Niemann-Pick disease presents a broad clinical spectrum, depending on the degree of defect in lipid trafficking. The onset can be at birth with a fatal disorder, or in children or even adults, with milder phenotypes characterized by progressive psychomotor impairment, in addition to liver and spleen enlargement. The defect of cholesterol trafficking to mitochondria is associated to mitochondrial dysfunction and impairment in antioxidant defense strategies. Moreover, besides the neurodegenerative aspect of the disease, Niemann-Pick disease phenotype implies systemic features since non-esterified cholesterol accumulate also in liver and spleen (Vanier, 1999, 2010; Patterson et al., 2012). Different genetic forms of Niemann-Pick disease are known and, in particular, Niemann-Pick disease type C (NPC) is caused by mutations in NPC1 (OMIM #257220, 95% of cases) (Carstea et al., 1993, 1997) and NPC2 genes (OMIM #607625, 5% of cases) (Naureckiene et al., 2000) resulting in functional defects of proteins with lysosomal localization (Torres et al., 2017; Liu and Lieberman, 2018) that trigger an accumulation of non-degraded substrates that interferes with different cellular functions (Sarkar et al., 2013). These molecular mechanisms are not fully elucidated yet, and a deepen knowledge of these processes is of crucial importance because each step of the pathogenetic cascade in Niemann-Pick disease may be a potential target of therapy (Schultz et al., 2018; Wang et al., 2018). Moreover, given the role of autophagy in the clearance of damaged cellular components, the impairment of autophagy itself can contribute in a vicious circle to lipid accumulation and cell injury (Platt et al., 2012; Osellame and Duchen, 2014). The neuronal manifestations of NPC are related to a selective damage of neurons that have a stronger spontaneous activation of autophagy, if compared to systemic compartments (i.e., fibroblasts), and a block of autophagic progression leads to an exceptionally severe mitochondrial fragmentation. For this reason patients with NPC1 may benefits from the treatment with autophagy inhibitors (such as 3-methyladenine) or with drugs that mobilize cholesterol from the lysosomal compartment (such as cyclodextrin) (Davidson et al., 2016).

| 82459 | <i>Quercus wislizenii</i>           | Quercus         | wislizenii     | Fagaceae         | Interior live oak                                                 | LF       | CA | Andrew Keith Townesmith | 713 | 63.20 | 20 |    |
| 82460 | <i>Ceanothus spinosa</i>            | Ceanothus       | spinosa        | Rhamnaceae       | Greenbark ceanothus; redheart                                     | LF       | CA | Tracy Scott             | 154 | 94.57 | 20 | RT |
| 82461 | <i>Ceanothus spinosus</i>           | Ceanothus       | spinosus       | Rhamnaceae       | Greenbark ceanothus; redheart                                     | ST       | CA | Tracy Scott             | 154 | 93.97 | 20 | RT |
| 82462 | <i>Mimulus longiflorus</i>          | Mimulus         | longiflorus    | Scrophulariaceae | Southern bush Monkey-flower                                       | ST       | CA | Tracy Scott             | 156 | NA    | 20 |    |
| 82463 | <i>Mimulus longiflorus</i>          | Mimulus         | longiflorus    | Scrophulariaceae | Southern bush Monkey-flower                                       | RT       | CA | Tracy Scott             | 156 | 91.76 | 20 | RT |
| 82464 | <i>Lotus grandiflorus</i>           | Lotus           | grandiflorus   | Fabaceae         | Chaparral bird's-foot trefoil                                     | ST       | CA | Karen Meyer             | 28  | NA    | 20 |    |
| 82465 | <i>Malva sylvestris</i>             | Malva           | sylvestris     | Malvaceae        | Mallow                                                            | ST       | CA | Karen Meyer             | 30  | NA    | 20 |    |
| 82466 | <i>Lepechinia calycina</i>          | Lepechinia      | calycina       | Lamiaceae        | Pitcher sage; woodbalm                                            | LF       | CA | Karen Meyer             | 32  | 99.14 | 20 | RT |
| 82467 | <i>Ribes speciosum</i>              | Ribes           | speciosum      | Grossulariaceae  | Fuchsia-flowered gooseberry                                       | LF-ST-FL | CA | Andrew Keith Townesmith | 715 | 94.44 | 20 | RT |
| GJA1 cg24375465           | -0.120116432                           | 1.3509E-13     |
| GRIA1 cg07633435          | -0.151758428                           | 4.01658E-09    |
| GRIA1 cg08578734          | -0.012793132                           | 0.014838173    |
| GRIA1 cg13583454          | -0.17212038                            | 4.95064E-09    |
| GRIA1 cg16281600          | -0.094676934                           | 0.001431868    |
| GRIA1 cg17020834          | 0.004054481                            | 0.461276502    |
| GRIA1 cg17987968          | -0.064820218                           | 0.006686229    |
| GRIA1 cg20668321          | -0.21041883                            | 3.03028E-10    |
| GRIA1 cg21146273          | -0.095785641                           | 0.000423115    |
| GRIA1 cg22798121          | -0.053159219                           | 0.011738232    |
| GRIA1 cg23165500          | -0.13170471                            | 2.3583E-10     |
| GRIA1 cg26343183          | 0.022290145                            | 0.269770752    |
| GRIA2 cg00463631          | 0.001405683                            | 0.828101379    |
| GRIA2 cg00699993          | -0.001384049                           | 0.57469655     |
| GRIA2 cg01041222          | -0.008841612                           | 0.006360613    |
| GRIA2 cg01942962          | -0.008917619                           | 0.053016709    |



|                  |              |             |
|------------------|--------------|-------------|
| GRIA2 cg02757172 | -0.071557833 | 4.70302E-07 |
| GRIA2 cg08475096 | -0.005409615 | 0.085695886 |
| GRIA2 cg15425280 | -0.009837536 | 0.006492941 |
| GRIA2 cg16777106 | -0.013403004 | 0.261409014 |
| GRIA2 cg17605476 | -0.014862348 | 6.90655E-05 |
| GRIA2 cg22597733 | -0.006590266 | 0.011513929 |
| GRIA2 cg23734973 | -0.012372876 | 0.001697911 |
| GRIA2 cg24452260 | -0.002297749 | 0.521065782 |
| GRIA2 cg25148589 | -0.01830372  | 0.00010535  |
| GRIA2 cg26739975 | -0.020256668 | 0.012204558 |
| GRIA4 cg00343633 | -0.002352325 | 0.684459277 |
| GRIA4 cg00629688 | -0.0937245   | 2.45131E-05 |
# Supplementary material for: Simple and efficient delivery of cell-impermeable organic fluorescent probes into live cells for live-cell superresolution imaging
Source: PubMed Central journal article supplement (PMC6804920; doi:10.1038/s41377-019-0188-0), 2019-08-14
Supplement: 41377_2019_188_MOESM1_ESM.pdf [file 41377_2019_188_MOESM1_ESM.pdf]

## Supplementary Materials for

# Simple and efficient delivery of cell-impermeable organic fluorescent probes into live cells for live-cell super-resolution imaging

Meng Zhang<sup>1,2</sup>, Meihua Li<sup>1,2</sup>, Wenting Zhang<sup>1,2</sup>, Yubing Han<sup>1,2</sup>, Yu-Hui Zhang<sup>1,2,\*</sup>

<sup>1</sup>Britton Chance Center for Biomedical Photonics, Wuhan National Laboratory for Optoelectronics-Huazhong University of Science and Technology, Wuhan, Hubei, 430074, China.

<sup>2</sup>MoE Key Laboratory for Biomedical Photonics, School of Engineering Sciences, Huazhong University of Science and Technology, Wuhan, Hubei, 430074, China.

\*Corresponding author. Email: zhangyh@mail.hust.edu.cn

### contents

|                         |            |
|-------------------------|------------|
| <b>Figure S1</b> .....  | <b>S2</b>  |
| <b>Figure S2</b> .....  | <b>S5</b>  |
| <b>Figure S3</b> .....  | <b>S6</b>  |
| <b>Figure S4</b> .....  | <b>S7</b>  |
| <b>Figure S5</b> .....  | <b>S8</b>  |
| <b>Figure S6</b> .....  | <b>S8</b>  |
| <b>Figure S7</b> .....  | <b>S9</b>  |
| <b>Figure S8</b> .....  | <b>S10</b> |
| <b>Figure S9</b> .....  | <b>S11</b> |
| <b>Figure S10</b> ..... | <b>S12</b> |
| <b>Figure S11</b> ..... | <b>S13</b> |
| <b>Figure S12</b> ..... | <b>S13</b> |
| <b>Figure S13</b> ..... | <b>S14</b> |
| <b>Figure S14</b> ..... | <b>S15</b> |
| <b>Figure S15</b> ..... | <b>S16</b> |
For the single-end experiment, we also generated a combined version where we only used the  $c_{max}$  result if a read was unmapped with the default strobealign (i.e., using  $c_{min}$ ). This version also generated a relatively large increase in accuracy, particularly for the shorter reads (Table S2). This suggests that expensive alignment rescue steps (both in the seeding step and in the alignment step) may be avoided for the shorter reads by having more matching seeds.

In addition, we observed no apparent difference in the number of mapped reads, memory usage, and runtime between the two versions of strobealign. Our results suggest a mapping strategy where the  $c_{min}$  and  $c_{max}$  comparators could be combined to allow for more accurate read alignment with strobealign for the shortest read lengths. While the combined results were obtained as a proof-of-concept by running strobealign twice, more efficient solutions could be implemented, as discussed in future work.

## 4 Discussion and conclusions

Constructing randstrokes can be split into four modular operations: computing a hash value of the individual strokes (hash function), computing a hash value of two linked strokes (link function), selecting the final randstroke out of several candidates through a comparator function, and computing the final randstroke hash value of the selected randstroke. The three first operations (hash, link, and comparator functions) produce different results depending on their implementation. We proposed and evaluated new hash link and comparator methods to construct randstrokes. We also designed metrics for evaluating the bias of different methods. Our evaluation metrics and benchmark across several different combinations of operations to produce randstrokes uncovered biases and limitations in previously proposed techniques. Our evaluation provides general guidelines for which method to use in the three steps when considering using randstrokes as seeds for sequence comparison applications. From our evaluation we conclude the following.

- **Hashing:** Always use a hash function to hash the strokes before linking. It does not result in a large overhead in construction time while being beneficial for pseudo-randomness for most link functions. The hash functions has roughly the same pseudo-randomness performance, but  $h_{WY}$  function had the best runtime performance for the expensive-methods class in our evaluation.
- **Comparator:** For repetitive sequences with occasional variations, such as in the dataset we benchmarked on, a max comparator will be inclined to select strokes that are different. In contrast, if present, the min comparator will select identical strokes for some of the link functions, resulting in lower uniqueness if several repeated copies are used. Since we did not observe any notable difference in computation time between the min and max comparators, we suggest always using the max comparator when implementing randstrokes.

Conclusions Top